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The Bank of Canada’s (BoC) overnight rate held at 1.75 percent last week, due to a global economy showing signs of improvement since October and a recovery in the housing sector (in some parts of Canada).
“Quite a lot has happened during the past three months. Global economic growth appears to have bottomed, as shown by an upturn in trade and manufacturing indicators,” said BoC governor Stephen Poloz in his rate announcement. “Uncertainty remains elevated, of course, but the Phase One China-U.S. trade deal and the pending ratification of CUSMA are positive developments that should lead to lower business uncertainty over time everywhere, including in Canada.”
A reduced risk of rising inflation was an influencer.
“Our analysis suggested that overall excess capacity in the Canadian economy has increased, which will bring a degree of downward pressure on inflation,” said Poloz. “We believe that the excess capacity is not uniformly distributed, but is concentrated on the Prairies and in Newfoundland and Labrador. Our estimate of the output gap is based on a partially updated estimate of the economy’s potential. We will have a more fulsome update in April. At the same time, household financial vulnerabilities remain elevated, although we will be analyzing the positive implications of a higher household savings rate for those vulnerabilities.”
Finder.com’s panel of economists unanimously predicted the rate hold, although 31 percent of the panel thought it should have been cut.
Poloz said it wasn’t necessary. Yet.
“All things considered, it was Governing Council’s view that the balance of risks does not warrant lower interest rates at this time. In forming this view, we weighed the risk that inflation could fall short of target against the risk that a lower interest rate path would lead to higher financial vulnerabilities, which could make it even more difficult to attain the inflation target further down the road,” he said. “Clearly, this balance can change over time as the data evolves. In this regard, Governing Council will be watching closely to see if the recent slowdown in growth is more persistent than forecast. In assessing incoming data, the Bank will be paying particular attention to developments in consumer spending, the housing market and business investment.”
James Laird, co-founder of Ratehub Inc. and president of CanWise Financial mortgage brokerage, believes a rate cut is in order at some point this year.
“The Bank’s announcement was notably pessimistic, citing several areas of concern including weaker economic growth, falling exports, slowing business investments, slowing job creation and declining consumer confidence,” says Laird. “If these variables continue to decline, monetary stimulus may be required at some point in 2020. The Bank’s language and tone is signalling that a rate drop is now more likely.”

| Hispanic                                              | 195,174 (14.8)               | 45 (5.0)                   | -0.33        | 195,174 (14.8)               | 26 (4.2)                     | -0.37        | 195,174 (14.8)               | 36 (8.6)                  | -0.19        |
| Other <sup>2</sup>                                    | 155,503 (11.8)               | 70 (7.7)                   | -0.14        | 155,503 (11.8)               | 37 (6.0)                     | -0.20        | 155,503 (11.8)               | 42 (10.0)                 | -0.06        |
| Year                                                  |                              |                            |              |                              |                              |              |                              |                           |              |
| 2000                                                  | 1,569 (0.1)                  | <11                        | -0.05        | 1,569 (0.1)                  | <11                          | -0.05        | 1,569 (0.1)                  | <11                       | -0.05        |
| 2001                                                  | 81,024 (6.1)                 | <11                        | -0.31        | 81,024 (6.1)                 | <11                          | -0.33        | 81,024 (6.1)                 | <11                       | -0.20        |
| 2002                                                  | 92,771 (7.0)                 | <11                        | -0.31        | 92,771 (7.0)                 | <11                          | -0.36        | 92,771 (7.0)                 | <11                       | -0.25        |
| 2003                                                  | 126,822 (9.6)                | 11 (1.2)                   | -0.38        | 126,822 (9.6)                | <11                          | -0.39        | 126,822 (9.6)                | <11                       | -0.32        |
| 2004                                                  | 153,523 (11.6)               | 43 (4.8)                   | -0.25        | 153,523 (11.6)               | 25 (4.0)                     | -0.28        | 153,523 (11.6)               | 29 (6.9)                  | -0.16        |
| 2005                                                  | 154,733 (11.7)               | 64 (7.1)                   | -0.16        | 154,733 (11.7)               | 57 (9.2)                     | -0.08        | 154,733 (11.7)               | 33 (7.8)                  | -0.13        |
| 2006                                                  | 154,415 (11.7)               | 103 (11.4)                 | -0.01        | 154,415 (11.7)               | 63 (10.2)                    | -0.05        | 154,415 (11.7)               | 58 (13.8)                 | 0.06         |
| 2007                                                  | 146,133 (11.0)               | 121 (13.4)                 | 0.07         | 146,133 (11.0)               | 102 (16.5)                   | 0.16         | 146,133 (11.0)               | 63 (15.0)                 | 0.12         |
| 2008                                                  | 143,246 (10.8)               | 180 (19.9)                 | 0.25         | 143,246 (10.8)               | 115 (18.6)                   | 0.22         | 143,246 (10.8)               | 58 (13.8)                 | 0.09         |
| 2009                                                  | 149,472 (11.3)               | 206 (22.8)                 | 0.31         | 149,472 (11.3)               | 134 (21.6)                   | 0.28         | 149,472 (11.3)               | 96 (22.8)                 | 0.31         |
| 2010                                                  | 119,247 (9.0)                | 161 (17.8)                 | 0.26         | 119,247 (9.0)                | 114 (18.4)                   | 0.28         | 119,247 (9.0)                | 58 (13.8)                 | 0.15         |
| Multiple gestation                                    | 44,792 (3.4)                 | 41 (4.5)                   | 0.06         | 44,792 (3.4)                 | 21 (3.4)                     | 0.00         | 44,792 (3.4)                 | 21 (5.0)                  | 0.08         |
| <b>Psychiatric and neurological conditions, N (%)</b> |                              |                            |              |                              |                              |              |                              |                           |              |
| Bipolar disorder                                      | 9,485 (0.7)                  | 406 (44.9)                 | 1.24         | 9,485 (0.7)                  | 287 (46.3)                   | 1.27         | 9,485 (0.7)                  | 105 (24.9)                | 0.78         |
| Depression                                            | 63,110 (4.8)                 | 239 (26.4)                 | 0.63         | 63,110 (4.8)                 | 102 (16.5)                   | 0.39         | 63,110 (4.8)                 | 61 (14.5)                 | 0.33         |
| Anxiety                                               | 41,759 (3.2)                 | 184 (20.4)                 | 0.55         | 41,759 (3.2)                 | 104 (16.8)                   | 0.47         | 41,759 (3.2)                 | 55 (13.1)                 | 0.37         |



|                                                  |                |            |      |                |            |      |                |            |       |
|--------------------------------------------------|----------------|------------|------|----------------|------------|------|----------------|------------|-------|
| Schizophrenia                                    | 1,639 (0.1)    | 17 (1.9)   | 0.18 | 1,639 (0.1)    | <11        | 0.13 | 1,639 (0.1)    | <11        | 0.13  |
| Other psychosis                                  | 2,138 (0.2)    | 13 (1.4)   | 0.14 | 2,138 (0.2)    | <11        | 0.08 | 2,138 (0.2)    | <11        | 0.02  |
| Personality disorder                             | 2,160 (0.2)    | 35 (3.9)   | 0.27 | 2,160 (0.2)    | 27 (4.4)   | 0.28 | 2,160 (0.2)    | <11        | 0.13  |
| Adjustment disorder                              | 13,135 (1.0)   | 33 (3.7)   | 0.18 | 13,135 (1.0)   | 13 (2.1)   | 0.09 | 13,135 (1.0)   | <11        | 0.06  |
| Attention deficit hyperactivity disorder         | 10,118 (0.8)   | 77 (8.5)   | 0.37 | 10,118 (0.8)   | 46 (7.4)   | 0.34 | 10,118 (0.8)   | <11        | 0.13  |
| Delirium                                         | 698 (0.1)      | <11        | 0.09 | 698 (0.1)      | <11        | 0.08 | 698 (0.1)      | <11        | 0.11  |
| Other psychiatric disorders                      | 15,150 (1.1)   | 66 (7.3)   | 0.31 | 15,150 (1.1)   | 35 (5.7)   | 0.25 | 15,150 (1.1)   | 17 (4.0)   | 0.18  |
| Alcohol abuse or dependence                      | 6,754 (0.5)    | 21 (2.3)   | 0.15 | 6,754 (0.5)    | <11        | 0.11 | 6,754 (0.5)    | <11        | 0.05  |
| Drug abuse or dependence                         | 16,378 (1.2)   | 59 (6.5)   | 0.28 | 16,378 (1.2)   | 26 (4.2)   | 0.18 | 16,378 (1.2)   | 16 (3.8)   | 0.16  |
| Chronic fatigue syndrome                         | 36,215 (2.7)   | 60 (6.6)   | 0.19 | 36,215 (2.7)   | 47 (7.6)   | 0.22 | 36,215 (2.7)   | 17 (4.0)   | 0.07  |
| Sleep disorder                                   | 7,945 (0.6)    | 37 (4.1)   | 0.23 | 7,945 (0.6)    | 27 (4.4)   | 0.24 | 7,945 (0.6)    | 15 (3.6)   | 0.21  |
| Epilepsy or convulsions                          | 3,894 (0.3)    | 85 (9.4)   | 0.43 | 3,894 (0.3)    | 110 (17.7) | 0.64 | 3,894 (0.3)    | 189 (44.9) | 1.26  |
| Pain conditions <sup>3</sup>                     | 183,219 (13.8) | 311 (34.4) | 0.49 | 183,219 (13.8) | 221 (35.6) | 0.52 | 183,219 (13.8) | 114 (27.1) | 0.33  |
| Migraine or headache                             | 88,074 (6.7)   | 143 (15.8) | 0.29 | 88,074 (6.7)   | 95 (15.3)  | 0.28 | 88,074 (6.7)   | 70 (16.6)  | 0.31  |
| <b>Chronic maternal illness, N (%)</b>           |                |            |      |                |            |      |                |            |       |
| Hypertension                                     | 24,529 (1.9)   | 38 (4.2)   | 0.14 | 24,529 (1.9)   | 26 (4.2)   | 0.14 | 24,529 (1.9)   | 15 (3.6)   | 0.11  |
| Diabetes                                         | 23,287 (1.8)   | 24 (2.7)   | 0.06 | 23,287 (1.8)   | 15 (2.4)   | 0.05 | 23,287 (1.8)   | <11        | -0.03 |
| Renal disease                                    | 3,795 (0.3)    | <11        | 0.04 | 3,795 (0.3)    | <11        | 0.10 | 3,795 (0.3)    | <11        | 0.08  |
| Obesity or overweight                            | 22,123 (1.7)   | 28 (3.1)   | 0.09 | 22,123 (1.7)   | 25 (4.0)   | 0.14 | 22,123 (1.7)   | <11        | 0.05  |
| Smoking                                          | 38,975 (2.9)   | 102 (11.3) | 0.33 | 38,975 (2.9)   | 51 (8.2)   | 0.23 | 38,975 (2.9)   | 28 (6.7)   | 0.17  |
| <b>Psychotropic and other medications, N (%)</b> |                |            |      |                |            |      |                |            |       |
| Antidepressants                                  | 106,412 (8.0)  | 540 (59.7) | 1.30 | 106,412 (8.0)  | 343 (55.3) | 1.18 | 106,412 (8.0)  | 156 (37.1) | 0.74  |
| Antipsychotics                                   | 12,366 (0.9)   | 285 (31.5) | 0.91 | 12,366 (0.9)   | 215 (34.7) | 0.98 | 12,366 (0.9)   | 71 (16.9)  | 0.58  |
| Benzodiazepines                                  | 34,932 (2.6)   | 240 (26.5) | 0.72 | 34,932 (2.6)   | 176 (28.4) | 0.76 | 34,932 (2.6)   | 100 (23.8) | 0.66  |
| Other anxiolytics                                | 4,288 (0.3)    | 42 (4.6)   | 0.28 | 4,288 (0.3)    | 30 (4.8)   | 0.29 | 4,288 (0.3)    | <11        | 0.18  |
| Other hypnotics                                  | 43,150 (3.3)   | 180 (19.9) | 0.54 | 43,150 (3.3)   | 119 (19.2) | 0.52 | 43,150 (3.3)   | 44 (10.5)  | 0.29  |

Writing in the National Bank’s Financial Markets newsletter, Warren Lovely, Jocelyn Paquet and Taylor Schleich said the BoC left the door open to a cut.
“Given today’s dovish statement and the so-called crystallization of downside risks, one can hardly rule out a cut. Still, we’re reluctant to abandon our long-standing call for no cut(s) from the BoC in 2020, with our rate call incorporating a near-term economic revival inclusive of fiscal stimulus the BoC has yet to fully factor in. Market expectations aside, at or above-target core inflation might likewise argue for keeping policy on cruise control for the remainder of Governor Poloz’s term (which expires June 2nd).”
Alicia Macdonald, associate director of Economic Forecasting, Conference Board of Canada, and a member of the Finder.com panel, agrees.
“Growth is expected to pick back up in the first quarter of this year and grow roughly in line with the economy’s underlying potential this year,” says Macdonald. “With the latest Business Outlook Survey suggesting that there is little excess economic capacity outside of the Prairies, inflation firmly at target and risks around household vulnerabilities due to high debt levels, the Bank of Canada has little reason to deviate from its holding pattern.”
Deputy chief economist at Scotiabank, Brett House, also a Finder.com panel member, takes the opposite view.
“We see ample reasons for the Bank of Canada to pursue a 25 bps cut in Q1 followed by a second cut in Q2,” says House. “Although inflation is more or less on the two percent target, this largely owes to idiosyncratic and transitory factors that are unrelated to economy-wide slack or any lack of it. Our measures of slack are widening and the aforementioned transitory factors are likely to reverse and put renewed downside pressure on inflation.”
So, as the experts debate, what does it all mean for homeowners and those struggling to join them.
“Anyone who currently has a variable-rate mortgage should be pleased with this announcement because it is now more likely that the prime lending rate will drop in 2020, in which case variable mortgage rates would be likely to drop,” says Laird. “Directly following the announcement, the five-year Government of Canada bond yield dropped by more than five percent, suggesting that the market is starting to price in a rate drop. The falling bond yield suggests that fixed-rate mortgages may drop in the near term.
“Anyone looking to purchase a home in the spring of 2020 should get a pre-approval to understand how much they can qualify for and to hold today’s rates for the next four months. Consumers should also watch for lenders launching their spring promotions.”
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